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Finley Robinson

Family Friday: When Parents Lose Their Cool...

publishedabout 1 month ago
4 min read

Hi there, it's Finley πŸ‘‹πŸΌ and Happy Friday.

Today's story takes 3 minutes to read.

Look Back: 6 phrases every child needs to hear. They will combine well after you read today's newsletter.


Everyone loses their temper

This is the week that you're really tested.
This is the one where it truly breaks down at home.

One Christmas break, about 10 years ago, in our corner of NW Arkansas we got hit with a huge winter storm at just the wrong time for parents like me.

We had already had two weeks off from school. As a parent of a 3-13yr old you know what that means, it was past time to send the offspring back.

They needed routine. They needed away from siblings. They needed out.

Then the unthinkable happened. Over the weekend a 2ft snow covered our community, the temperature dropped to freeze it all in place and we were locked in.

That year we had a 3-week Christmas break. I can't tell you how many times I lost it with my kids. It was not one of my prouder stretches of parenting.

So what do you do when you lose your cool with your young kids?

Blow-ups happen

It's what occurs next that characterizes your home.

One phrase that has made its way into our home for a decade is simple but critical: Don't compound the mistake.

I've yelled at my kids. I've lost my temper. I've blamed them and shamed them. Sometimes it was my fault for the escalation. Other times it was their meltdown that I failed to respond well to.

24-7 | 365 | 18 years ... blow-ups happen.

You're going to have high stakes that create heated words.

You will say and do things you regret. Often times it happens on weeks like these. When the 'togetherness' has continued on and on.

Everyone has their reasons. But what does a brave parent do next?

You can move on or you can move in closer. Here's how...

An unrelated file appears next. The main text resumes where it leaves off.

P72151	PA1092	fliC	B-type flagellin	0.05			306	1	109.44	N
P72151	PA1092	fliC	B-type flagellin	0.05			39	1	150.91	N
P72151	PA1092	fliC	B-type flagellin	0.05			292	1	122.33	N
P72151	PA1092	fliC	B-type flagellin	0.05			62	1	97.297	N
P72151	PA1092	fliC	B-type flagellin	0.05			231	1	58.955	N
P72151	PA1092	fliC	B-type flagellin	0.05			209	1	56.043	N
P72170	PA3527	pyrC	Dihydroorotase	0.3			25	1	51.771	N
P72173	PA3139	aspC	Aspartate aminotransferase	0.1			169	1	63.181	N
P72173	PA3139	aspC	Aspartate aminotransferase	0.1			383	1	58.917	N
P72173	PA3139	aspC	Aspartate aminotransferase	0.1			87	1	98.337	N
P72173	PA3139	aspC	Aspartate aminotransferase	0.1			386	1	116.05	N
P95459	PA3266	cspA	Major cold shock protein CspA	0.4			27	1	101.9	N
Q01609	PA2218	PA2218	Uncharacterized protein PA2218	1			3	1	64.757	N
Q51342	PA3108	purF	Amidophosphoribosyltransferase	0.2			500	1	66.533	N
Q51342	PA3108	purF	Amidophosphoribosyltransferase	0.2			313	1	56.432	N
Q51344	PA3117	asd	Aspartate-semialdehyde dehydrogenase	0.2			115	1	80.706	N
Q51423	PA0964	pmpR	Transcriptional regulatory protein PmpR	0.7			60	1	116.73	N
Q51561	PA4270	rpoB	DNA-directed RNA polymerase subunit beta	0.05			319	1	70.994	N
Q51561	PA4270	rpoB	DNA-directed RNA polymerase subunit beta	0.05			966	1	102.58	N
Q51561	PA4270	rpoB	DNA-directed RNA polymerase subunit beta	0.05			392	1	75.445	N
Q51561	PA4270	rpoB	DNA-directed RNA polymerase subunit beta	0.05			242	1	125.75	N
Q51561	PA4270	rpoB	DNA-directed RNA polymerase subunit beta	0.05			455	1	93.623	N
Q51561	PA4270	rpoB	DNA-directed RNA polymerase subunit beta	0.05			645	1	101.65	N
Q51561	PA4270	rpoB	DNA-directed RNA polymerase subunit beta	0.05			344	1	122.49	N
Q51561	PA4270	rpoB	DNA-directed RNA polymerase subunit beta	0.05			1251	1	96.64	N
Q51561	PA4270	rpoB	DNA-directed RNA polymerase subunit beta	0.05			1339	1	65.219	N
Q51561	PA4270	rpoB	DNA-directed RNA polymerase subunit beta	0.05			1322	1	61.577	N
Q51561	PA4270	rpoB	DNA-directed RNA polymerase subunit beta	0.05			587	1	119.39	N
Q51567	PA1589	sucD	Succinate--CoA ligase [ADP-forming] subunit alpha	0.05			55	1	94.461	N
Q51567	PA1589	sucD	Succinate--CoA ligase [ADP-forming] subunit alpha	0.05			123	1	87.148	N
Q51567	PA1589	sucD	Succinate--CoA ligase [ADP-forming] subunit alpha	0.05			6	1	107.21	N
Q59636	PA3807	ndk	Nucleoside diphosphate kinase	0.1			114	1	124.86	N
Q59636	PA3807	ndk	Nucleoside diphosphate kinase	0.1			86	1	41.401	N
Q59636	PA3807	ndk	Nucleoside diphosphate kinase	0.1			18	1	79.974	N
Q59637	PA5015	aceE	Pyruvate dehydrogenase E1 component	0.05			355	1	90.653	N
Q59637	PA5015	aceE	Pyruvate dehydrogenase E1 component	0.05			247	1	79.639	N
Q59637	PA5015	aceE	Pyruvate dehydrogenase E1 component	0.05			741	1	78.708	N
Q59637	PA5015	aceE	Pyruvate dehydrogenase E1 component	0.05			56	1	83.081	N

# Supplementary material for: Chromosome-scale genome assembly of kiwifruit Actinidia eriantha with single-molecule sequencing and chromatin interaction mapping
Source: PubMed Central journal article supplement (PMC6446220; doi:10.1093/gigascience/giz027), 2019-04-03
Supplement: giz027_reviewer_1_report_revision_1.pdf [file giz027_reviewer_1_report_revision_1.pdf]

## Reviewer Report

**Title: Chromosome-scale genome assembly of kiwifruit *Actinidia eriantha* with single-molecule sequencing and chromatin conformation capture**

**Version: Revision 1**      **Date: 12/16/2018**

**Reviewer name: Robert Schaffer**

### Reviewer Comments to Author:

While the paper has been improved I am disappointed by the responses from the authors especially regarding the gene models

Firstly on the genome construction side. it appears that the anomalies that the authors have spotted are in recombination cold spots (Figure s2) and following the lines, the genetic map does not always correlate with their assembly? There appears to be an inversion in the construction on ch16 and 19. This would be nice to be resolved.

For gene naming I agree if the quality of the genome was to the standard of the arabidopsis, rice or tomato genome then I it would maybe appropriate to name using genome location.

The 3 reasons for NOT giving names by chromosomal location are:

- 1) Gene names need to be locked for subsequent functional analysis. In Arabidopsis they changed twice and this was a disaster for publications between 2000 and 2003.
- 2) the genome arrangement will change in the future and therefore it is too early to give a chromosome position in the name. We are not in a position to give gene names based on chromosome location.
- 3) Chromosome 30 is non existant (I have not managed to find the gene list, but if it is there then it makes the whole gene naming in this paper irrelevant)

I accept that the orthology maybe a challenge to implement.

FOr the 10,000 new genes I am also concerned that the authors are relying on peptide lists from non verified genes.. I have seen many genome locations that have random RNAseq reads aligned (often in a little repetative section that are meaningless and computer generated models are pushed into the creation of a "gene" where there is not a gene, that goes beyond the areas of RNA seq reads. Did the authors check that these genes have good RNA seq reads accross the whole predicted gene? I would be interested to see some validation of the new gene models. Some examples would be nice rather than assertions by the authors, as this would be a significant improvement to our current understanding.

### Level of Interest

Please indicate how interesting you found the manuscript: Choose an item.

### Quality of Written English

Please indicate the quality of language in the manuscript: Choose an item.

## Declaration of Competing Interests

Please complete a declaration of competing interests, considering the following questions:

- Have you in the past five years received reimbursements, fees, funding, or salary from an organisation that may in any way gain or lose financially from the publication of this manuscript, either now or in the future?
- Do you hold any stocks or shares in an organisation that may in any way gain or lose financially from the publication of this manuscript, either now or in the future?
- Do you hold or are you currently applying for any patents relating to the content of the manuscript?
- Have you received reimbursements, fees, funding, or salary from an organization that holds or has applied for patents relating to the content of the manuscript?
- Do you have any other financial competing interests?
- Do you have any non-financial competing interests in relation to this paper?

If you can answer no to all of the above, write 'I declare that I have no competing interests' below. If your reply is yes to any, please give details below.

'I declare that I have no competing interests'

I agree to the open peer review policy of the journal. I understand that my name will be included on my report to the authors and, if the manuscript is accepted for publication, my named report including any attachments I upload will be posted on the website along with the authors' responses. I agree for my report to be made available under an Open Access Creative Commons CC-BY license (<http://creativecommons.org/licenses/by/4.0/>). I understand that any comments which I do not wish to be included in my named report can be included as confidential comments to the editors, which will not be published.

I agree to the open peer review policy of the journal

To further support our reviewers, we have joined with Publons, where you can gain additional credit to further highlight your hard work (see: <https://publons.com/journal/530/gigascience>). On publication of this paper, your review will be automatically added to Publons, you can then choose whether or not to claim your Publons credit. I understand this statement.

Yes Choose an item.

#1. Be the adult.

Nothing makes a mom or dad feel undone quite like a child that is acting... like a child.

Expecting an 8yr old to be ahead of schedule with their maturity is faulty.

Knowing that you must show up as the adult after you've blown up on your son or daughter is an important and critical step.

Communication is best when it happens 1-4hrs after things have cooled down. Make it your goal to chat about what happened within 24hrs.

It's going to be a brief moment. Because they are the child and you're the adult it will feel short for you and long for them.

Apologize for your words and tone.
Explain to them the emotions you were feeling.
Talk about what you hoped would have been handled differently.
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#2. Seek to understand your child.

Getting down on your knees or sitting in a chair changes the whole equation.

Looking direct into their eyes while being on 'their level' evens the playing field. It's a signal that you both can now talk and listen.

Ask good questions about what happened before the situation that caused the blow-up. How were they feeling? What were they wanting?

To go one step further into the fray, ask them what it was like to have mom or dad get angry and raise their voice.

(This is all humbling but long-term helpful.)

#3. Help the child understand themselves.

After a blow-up, you have a moment before you. You can contribute to the development and self-awareness of your son or daughter.

Something they were doing or the behavior they were displaying was a major factor in the family meltdown. You saw it as their parent, but the moment missed badly.

Sometimes there were external factors. Running late. Miscommunication. Misplaced toy.

Most of the time, your child's inner person was the issue. Impatience. Selfishness. Secrecy. Stubbornness.

Help them see themselves more. How else will they grow?

#4. Prepare them for the next time.

Parenting is a long game. A long, long, long-term investment.

Paint a picture for them of a time in the future when a moment like this will happen again.

Help them see a different way. Tell them what you expect next time. Give them tools to think, behave, and respond differently in the future.

Tell them you want to be better next time too. Own your part.

Remember, kids learn through repetition. The next time they may not be any better. Hopefully, you will be.

#5. Give praise when they show change next time.

When you've reconnected with your child, shown them the character or behavior you want from them and then they do it ... heep praise on them!

If the most intense emotion they see from you is anger or disgust, what does that communicate? Be even bolder in affirmation.

Yes, you're going to lose it as a parent. What if your response was to go even bigger with praise when your child displays positive change?

That will be what sticks. That will be the affirmation they need to trust you and be an agent of change for everyone.

Big Idea: When you've blown it as a parent and lost it on your child, don't brush it off. Carefully pursue them and everyone will grow.

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In Their Shoes

​Jeremy Pryor of Family Teams​

β€œRemember what it was like to be a child and imagine what would have brought you peace and security.

Too many parents choose to forget their childhood. Memory and imagination are crucial tools of parenting.”

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